Part One

Barney Green takes on ITV

First published August 2001

I don’t watch ITV. Don’t get me wrong, I’m no √©litist. It’s just that – football and Coronation Street aside – there’s nothing for me on the network.

So I wasn’t overjoyed at being allocated ITV to reschedule. And I had such big plans for the other channels, too. Like a nascent Matthew Bannister or Michael Jackson, I was going to totally rip up the schedules. Herds of BBC1′s sacred cows were destined for the slaughterhouse. I was going to make a bonfire of Jane Root’s Ikea television or revitalise Channel 4. Hell, I even had some plans for Channel 5. But ITV? ITV exists to make money. That’s a fact and not one I have a problem with. But it made my task more difficult, I believed, than everyone else’s. ITV lives and dies in the ratings battlefield, and with exocets like Coronation Street, Emmerdale, Heartbeat, ‘Millionaire and Frost in my arsenal, there didn’t seem to be much point in making radical changes.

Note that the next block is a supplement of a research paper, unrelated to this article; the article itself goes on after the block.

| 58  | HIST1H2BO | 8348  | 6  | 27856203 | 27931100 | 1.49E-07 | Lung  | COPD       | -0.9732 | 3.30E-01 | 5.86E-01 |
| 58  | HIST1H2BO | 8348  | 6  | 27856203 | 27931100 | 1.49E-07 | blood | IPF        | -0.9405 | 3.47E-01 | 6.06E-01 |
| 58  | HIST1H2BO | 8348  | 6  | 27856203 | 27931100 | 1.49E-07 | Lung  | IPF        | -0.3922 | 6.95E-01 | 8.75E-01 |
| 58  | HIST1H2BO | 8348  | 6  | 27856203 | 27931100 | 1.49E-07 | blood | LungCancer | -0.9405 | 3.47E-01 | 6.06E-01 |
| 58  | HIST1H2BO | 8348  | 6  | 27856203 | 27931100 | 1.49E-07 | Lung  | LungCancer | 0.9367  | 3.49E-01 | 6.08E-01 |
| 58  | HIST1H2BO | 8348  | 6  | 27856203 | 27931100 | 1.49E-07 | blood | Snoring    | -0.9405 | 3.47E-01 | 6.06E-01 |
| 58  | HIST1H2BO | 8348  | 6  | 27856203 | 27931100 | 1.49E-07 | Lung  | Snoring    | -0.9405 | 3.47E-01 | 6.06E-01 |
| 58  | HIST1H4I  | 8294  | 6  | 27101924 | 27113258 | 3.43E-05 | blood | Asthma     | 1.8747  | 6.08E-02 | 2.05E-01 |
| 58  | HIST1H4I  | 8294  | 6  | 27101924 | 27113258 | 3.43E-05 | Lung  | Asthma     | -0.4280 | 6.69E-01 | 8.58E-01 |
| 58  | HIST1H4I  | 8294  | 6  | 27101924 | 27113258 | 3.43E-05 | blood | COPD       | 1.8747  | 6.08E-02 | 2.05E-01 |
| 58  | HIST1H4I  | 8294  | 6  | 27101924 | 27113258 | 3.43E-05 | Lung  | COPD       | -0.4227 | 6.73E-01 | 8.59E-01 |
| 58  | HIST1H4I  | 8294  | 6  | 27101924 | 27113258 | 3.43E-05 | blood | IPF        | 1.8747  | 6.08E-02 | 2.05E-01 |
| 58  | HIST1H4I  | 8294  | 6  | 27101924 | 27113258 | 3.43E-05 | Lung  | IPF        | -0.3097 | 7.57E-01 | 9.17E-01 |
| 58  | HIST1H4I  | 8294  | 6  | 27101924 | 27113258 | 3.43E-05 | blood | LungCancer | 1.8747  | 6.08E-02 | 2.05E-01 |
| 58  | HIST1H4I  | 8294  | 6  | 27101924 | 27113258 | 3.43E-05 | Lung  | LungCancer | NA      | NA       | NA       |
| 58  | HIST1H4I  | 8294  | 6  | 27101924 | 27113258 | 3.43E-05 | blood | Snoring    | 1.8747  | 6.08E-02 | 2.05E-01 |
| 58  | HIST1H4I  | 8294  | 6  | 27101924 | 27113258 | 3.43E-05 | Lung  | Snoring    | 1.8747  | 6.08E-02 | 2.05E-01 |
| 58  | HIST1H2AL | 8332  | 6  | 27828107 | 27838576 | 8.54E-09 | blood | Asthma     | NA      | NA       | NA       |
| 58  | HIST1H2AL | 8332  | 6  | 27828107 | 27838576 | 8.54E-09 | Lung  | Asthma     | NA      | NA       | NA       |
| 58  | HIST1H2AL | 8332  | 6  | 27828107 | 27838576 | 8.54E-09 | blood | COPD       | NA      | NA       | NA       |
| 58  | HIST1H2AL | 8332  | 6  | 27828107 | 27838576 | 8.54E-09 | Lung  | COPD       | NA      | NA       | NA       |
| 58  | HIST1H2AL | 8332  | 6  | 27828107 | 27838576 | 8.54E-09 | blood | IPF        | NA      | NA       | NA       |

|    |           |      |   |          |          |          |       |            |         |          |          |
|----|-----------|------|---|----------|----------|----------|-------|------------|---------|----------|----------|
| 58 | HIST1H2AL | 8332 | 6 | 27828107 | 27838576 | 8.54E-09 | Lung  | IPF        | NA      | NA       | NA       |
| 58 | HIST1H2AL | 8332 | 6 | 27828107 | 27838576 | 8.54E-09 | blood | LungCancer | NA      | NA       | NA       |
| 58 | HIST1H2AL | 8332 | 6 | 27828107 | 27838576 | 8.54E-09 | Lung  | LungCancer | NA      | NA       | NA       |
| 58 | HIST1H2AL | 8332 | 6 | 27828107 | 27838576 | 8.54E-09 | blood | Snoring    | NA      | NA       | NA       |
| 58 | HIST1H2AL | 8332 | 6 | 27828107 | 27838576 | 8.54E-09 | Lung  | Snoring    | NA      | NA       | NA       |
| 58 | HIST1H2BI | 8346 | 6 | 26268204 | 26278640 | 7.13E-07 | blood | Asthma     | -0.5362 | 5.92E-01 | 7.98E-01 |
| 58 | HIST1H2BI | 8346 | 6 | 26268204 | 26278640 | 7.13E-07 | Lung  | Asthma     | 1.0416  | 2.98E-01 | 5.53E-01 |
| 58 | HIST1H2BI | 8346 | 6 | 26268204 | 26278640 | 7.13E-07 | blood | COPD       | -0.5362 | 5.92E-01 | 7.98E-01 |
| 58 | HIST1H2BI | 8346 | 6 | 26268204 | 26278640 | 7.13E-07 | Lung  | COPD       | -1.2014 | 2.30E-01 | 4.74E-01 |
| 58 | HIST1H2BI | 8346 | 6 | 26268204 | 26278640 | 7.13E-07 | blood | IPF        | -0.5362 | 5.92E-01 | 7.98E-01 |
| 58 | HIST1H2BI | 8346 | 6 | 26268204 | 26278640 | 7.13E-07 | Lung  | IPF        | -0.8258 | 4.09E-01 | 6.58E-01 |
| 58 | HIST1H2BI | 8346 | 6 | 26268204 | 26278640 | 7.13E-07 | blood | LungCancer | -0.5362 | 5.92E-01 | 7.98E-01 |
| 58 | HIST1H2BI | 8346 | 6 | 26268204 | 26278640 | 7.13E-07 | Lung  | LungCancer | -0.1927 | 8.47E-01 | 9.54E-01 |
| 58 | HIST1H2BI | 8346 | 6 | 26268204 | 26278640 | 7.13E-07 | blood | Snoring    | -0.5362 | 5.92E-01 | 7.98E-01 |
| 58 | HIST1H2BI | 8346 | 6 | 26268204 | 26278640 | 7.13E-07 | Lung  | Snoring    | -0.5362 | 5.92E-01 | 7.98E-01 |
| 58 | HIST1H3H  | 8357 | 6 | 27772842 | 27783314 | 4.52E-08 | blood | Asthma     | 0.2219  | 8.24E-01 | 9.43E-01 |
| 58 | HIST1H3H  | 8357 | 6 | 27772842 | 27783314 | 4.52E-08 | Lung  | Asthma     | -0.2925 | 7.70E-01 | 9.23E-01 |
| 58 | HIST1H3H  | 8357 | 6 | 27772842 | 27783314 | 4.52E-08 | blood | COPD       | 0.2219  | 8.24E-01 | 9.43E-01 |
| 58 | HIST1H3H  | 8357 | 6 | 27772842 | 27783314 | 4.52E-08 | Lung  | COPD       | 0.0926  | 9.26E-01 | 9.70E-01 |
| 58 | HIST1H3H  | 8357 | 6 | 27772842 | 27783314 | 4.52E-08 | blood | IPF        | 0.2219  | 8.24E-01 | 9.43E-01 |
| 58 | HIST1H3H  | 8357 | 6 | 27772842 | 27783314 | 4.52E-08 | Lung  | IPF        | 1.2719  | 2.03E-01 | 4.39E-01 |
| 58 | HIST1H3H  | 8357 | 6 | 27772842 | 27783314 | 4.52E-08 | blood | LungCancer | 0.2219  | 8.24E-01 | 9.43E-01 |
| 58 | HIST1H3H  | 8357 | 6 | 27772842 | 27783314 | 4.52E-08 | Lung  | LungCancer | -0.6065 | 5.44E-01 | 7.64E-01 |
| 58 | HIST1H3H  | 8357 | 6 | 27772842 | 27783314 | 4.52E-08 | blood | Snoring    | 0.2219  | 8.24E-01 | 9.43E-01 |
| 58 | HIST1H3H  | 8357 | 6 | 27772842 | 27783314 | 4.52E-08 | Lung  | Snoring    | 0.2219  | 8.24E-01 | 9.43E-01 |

And even though I rarely watched them, it was undeniable that most of ITV’s bankers were actually – well – pretty good. Since Greg Dyke started to gently nudge the network upmarket in the late ’80s, ITV has practically had a monopoly on quality popular drama, from The Darling Buds of May to Cracker. Unlike BBC1, there weren’t many rusty patches in the schedule in need of urgent repair, and if it ain’t broke …

But I couldn’t take my seat at the controllers’ table armed with just that week’s copy of Radio Times. I had to set myself a different task, but still playing the game for real – and I later found out some of my fellow controllers decided not to. So to keep my shareholders happy, I had to stick with the winning formula (so the dreadful Emmerdale stayed) but cut myself some slack to weed out the trash (your P45, Miss Riley). I set myself the challenge of bringing in new, younger viewers, and making ITV a more consistent, logical channel. And I had to schedule Premiership football, tackle the black hole of teatimes and resolve once and for all what to do with the news. Perhaps it wasn’t going to be that simple after all.